a three-input AND gate built in the last lab together with an inverter can be used. To this end. Digital Die Encoding Scheme # 6 4 2 1 3 5 Q1 0 1 1 1 0 0 Q2 0 0 1 1 1 0 Q3 0 0 0 1 1 1 Q1′ 1 0 0 0 1 1 Q2′ 1 1 0 0 0 1 Q3′ 1 1 1 0 0 0 For example.Lab 2 Encoders and Decoders Below is the truth table for the modulo 6 counter. Encoder There is no a priori reason to decide which output corresponds to which count. hence the name modulo 6 counter. each output has three (1) states and three (0) states.” The two remaining base patterns are decoded with a particular pattern of the three counter lines. Run the program seven times to observe the action. Truth Table for Modulo 6 Counter Cycle 1 2 3 4 5 6 7 Q1 0 1 1 1 0 0 0 Q2 0 0 1 1 1 0 0 Q3 0 0 0 1 1 1 0 same as cycle 1 The output repeats after six counts. can then signify the family 4. for example Q2′. and 5. Table 2-2. These two lines then decode two of the base patterns for “free. 6. for example Q3. a little foresight makes the choices easier: Table 2-3. Not 1 (Base Pattern B) is decoded with the combination Q1 & Q2 & Q3. One of these outputs. Fundamentals of Digital Electronics 2-4 © National Instruments Corporation . Another output state. 5. 3. and the final base state “6” is decoded with Q1′ & Q2′ & Q3′. However. could signify odd states 1.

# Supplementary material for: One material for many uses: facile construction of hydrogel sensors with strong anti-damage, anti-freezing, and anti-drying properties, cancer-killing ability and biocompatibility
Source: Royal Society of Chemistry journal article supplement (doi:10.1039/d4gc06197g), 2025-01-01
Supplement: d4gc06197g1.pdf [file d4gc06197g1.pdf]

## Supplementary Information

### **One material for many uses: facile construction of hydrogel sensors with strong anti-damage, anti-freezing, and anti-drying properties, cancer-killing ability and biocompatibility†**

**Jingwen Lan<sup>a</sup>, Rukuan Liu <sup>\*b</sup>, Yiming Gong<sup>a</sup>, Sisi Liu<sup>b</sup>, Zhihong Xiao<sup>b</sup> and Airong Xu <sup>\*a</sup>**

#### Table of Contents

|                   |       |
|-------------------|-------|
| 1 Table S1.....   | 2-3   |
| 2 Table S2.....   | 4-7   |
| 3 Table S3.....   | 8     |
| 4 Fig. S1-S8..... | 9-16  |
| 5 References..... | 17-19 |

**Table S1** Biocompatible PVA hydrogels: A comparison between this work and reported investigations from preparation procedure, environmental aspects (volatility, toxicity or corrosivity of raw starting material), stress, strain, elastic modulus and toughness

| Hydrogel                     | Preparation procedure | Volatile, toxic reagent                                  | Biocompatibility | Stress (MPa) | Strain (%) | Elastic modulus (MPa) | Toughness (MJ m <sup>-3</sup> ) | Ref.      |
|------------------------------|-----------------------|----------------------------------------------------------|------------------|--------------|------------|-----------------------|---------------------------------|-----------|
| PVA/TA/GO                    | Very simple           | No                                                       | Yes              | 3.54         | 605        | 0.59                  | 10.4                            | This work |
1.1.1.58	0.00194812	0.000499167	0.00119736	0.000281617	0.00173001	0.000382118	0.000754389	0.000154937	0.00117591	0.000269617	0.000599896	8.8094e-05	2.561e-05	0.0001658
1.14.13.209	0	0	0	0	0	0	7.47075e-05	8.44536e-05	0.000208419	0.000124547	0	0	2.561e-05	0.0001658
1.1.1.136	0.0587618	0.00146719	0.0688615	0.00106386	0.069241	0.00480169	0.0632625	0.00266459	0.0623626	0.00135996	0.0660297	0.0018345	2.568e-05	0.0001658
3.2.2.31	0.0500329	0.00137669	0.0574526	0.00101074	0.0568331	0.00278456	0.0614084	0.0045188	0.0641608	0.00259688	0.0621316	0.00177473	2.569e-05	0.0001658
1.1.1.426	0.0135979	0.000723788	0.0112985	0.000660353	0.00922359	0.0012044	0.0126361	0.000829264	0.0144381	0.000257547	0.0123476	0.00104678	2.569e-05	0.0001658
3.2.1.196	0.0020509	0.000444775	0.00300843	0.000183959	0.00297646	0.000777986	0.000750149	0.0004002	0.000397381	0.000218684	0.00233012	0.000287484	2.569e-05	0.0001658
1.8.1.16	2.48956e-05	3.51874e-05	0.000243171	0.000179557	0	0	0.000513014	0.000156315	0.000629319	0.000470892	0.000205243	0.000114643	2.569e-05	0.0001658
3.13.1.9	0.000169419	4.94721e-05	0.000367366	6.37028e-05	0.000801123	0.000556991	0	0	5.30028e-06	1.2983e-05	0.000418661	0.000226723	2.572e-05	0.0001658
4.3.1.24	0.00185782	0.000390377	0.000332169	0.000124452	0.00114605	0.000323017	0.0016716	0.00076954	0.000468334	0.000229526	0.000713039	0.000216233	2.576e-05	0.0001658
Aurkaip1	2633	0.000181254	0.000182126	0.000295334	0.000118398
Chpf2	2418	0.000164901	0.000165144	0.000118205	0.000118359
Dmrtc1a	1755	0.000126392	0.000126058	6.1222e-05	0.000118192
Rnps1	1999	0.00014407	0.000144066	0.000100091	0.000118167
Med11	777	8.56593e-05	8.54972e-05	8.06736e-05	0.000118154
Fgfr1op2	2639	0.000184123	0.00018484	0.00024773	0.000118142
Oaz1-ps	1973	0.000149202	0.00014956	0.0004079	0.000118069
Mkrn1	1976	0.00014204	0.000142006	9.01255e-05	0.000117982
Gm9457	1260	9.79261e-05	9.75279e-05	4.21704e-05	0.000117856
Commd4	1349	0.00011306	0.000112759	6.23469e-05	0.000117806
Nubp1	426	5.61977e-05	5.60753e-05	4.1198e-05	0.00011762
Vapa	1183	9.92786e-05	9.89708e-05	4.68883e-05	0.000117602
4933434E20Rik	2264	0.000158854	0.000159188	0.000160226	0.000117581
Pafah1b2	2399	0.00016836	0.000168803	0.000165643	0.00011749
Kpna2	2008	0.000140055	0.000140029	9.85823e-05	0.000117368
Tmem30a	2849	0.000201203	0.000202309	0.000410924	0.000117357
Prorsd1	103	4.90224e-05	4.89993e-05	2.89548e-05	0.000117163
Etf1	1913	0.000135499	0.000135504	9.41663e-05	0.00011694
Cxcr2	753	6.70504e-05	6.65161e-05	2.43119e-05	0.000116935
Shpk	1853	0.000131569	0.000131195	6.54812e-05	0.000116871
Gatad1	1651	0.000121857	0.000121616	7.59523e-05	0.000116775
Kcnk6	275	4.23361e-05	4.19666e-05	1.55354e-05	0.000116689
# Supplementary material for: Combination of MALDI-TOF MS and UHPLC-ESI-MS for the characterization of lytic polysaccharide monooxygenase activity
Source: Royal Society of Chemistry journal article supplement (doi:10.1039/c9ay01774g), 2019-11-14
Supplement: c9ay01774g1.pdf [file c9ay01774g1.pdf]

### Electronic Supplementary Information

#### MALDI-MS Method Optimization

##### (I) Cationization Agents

the counter cycles until a stop command is issued to the counter.vi. Whatever state the counter has on its output will be the roll value. These states are encoded on three output lines.Lab 2 Encoders and Decoders Figure 2-7. © National Instruments Corporation 2-5 Fundamentals of Digital Electronics . and displays. LabVIEW simulates this process by building complex functions from simpler ones. These in turn set the dots on the virtual die to the correct output code. switches. The encoder is wired by translating the words of the above paragraph into a circuit. Encode. In practice. Function Schematic for Digital Dice Encoder To roll the virtual die. a high-speed counter will cycle through the six states. An encoder VI converts the three counter lines into the four control lines for the base patterns. Just as you would build electronic circuits by assembling gates. A clock with a speed greater than 1 kHz ensures the randomness of the roll. encoder and display—into a VI called Dice. It is now a simple case of assembling all the components—counter.vi Front Panel and Block Diagram The encoder is built by placing three Boolean indicators on the front panel together with four LED indicators. latches. Virtual Dice (modulo 6) Counter stop Figure 2-8.